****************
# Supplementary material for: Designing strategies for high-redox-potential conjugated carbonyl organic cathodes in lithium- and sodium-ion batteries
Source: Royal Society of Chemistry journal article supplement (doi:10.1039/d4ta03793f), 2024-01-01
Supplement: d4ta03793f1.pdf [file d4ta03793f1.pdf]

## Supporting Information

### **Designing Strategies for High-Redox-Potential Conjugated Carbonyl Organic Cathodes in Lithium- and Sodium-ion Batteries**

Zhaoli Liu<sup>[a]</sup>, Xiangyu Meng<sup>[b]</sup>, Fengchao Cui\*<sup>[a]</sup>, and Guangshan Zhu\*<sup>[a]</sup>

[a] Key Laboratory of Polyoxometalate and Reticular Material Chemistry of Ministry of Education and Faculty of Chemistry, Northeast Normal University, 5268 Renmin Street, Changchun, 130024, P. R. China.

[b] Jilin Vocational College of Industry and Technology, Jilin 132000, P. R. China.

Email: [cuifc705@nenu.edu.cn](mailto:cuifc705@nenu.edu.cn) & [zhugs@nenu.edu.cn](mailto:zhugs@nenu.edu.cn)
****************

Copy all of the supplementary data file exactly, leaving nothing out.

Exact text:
# Supplementary material for: Designing strategies for high-redox-potential conjugated carbonyl organic cathodes in lithium- and sodium-ion batteries
Source: Royal Society of Chemistry journal article supplement (doi:10.1039/d4ta03793f), 2024-01-01
Supplement: d4ta03793f1.pdf [file d4ta03793f1.pdf]

## Supporting Information

### **Designing Strategies for High-Redox-Potential Conjugated Carbonyl Organic Cathodes in Lithium- and Sodium-ion Batteries**

Zhaoli Liu<sup>[a]</sup>, Xiangyu Meng<sup>[b]</sup>, Fengchao Cui\*<sup>[a]</sup>, and Guangshan Zhu\*<sup>[a]</sup>

[a] Key Laboratory of Polyoxometalate and Reticular Material Chemistry of Ministry of Education and Faculty of Chemistry, Northeast Normal University, 5268 Renmin Street, Changchun, 130024, P. R. China.

[b] Jilin Vocational College of Industry and Technology, Jilin 132000, P. R. China.

Email: [cuifc705@nenu.edu.cn](mailto:cuifc705@nenu.edu.cn) & [zhugs@nenu.edu.cn](mailto:zhugs@nenu.edu.cn)